- When the installation is finished, you’ll be prompted for your Amahi Install Code, which will bind your installation to your Amahi account on the web. The software will connect to the internet in the background to do this, and once it’s verified, you’ll be prompted to reboot.
- Once you’ve rebooted, you’ll be presented with a console login screen. Don’t do anything here. Amahi will continue to configuring itself in the background and reboot itself. When it comes back up, you’re all finished.
You can log directly into the console using the username and password you set up earlier, but you’ll be dropped at a command line. Instead, access your Amahi server from any other computer on your network by opening a web browser and going to http://hda/. That should take you to a welcome screen where you can set up your user account. Once it’s created, you’ll land at the Amahi Dashboard. Going forward, this is how you’ll access your Amahi server—you should only have to log in to the console for troubleshooting and any system tweaking you need to do.
Once you’re logged in, you’ll be dropped at the Users tab on the Dashboard. Here, you can add any additional users who’ll need to log in to the server, or access any of the shared files or applications on your HDA. Here’s a video guide from the Amahi team on how to set up and manage user accounts:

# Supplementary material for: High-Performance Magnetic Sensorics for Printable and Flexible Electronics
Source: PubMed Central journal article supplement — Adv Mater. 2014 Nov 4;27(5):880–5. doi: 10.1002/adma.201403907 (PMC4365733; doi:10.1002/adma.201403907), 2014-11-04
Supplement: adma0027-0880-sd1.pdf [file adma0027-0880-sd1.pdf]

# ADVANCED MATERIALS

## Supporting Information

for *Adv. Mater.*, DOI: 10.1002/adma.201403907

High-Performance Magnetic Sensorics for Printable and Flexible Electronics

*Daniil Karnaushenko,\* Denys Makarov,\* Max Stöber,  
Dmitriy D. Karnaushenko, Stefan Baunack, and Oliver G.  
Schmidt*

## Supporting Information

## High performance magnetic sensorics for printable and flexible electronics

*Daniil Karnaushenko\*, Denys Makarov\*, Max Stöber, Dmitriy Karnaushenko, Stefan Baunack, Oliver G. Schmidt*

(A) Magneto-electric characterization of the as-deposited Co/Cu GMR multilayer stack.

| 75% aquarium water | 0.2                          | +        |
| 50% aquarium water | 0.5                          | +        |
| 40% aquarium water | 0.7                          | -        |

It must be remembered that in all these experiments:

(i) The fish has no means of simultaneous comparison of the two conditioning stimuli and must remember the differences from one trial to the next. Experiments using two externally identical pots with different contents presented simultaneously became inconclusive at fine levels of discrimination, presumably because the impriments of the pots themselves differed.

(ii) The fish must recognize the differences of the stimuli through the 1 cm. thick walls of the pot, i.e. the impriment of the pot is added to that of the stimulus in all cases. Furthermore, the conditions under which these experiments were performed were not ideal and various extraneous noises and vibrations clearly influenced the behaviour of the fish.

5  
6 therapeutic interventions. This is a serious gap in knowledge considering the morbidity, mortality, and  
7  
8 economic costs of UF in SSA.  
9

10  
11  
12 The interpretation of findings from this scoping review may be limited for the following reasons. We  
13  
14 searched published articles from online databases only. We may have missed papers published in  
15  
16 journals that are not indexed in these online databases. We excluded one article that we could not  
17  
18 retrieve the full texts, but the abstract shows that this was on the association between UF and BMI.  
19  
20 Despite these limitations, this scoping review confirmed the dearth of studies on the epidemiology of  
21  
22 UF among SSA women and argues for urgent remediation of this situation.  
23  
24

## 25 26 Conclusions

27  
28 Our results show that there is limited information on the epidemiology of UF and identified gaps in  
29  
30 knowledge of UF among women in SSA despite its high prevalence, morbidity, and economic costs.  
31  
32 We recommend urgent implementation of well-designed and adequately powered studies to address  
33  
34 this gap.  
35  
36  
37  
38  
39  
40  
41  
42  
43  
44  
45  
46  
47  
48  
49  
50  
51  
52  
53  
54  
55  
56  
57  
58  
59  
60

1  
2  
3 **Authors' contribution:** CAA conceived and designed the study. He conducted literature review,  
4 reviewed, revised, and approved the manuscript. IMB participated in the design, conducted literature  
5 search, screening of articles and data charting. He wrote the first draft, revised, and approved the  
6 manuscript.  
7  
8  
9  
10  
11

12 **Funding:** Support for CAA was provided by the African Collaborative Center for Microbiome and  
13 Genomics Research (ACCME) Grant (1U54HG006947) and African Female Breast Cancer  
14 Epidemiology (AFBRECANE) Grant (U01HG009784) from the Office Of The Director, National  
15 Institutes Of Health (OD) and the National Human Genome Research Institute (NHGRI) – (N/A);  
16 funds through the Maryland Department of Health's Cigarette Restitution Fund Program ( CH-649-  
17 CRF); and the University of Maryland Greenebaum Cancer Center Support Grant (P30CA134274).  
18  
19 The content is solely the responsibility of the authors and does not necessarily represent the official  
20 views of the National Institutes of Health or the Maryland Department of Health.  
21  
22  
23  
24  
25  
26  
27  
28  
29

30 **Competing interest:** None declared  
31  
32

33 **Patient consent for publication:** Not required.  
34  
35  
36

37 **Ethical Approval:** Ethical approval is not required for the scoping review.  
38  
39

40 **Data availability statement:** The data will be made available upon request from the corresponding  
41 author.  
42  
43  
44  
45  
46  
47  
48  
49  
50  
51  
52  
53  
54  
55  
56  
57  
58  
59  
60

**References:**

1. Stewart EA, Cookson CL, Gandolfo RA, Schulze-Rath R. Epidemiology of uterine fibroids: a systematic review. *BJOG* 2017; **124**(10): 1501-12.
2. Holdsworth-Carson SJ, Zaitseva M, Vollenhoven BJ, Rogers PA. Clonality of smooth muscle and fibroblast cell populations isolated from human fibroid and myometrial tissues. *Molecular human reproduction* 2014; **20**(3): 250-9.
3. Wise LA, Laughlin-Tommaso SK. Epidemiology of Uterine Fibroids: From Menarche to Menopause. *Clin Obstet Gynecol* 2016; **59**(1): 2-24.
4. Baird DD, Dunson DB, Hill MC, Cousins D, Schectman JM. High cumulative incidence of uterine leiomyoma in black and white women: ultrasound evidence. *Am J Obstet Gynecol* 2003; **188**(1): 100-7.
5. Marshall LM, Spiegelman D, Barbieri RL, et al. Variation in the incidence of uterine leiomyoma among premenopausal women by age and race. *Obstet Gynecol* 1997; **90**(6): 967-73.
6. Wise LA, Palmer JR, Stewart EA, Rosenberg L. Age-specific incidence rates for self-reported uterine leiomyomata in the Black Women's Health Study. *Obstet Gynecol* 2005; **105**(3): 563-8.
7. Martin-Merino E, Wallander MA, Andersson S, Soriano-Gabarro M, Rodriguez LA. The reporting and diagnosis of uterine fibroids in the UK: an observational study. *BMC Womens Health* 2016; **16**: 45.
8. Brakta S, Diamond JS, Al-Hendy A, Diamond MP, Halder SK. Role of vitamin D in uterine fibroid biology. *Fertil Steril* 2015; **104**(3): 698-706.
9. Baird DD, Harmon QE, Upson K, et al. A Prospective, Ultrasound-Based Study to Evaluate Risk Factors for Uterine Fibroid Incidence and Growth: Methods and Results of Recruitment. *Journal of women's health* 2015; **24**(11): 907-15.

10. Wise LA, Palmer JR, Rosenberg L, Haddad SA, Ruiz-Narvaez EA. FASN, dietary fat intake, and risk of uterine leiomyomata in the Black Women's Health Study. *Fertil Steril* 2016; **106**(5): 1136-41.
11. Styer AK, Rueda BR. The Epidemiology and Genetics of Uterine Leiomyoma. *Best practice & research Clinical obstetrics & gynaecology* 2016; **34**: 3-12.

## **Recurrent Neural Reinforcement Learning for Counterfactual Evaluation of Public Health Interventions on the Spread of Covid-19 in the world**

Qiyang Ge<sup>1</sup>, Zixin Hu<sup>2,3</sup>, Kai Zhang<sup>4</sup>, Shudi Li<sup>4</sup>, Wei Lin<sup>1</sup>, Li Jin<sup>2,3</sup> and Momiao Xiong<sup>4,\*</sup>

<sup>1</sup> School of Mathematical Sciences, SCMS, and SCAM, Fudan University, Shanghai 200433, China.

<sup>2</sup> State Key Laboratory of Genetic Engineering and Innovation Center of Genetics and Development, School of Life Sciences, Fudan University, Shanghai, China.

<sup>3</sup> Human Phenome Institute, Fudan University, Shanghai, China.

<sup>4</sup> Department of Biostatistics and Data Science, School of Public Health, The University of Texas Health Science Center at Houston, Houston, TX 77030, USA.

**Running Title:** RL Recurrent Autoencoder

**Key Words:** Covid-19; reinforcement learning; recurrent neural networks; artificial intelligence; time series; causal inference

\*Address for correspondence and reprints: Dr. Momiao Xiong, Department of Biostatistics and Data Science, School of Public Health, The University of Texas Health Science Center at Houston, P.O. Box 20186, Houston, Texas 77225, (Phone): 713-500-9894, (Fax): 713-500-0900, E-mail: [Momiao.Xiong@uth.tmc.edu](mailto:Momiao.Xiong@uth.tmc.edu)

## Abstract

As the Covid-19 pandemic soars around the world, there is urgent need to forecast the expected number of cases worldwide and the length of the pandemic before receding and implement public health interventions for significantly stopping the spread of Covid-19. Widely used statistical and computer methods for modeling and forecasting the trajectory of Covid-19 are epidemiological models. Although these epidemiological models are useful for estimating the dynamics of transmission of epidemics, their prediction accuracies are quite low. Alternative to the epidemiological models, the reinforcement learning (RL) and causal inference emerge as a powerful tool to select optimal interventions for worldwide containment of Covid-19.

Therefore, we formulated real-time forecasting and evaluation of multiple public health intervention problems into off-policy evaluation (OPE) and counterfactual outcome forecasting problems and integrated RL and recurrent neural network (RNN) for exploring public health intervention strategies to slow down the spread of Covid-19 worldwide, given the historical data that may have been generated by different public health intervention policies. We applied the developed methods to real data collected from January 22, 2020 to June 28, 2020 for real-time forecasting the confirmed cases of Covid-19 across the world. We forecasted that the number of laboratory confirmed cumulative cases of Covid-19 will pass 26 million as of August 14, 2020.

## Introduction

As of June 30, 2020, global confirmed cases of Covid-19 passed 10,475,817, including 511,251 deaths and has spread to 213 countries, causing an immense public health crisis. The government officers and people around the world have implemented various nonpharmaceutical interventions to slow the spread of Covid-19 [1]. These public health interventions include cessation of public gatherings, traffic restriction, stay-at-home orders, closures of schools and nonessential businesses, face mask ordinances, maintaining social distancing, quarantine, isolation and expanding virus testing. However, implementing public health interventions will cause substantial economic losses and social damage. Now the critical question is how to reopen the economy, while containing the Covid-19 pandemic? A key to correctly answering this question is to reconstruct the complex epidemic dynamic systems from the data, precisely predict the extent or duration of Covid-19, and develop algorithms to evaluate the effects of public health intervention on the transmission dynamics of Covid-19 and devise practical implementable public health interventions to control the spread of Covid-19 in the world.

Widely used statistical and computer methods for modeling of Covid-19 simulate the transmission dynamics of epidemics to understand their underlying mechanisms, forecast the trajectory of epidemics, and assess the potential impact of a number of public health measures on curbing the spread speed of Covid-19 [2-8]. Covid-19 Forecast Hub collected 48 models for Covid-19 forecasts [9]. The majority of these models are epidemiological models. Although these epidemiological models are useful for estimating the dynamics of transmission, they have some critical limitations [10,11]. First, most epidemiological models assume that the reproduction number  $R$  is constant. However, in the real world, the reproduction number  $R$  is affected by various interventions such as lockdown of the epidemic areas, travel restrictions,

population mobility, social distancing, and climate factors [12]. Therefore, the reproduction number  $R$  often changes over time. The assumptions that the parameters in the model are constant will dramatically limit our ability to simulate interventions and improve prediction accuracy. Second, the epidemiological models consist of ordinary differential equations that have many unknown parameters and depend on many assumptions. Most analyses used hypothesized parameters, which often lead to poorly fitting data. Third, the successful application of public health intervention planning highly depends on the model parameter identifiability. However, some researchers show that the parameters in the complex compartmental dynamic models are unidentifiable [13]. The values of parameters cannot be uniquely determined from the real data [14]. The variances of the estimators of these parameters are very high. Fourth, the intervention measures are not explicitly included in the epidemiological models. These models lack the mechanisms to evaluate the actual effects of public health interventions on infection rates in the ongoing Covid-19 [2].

Before we move on, head over to your Amahi control panel to make sure your server shows up there. You should also get an email congratulating you on a successful install, if everything went well and you typed in your install code correctly. The control panel is where you can get your install code if you ever need it again, and where you’ll find your Amahi server’s dynamic hostname—which you’ll need for remote access.
Set Up Your Shared Folders and Drives
From here, you can log in to the dashboard and start customizing your Amahi install. If you installed on a single drive, you don’t have to do anything else. If you have multiple drives, you’ll have to add shared folders to them, or move your existing shares to those drives. We’ll get to that in a moment. First, here’s a video from the Amahi team on setting up shared folders:
By default, Amahi creates a bunch of shared folders (books, movies, music, pictures, and so on) that are accessible to all users. Here’s how to get to them: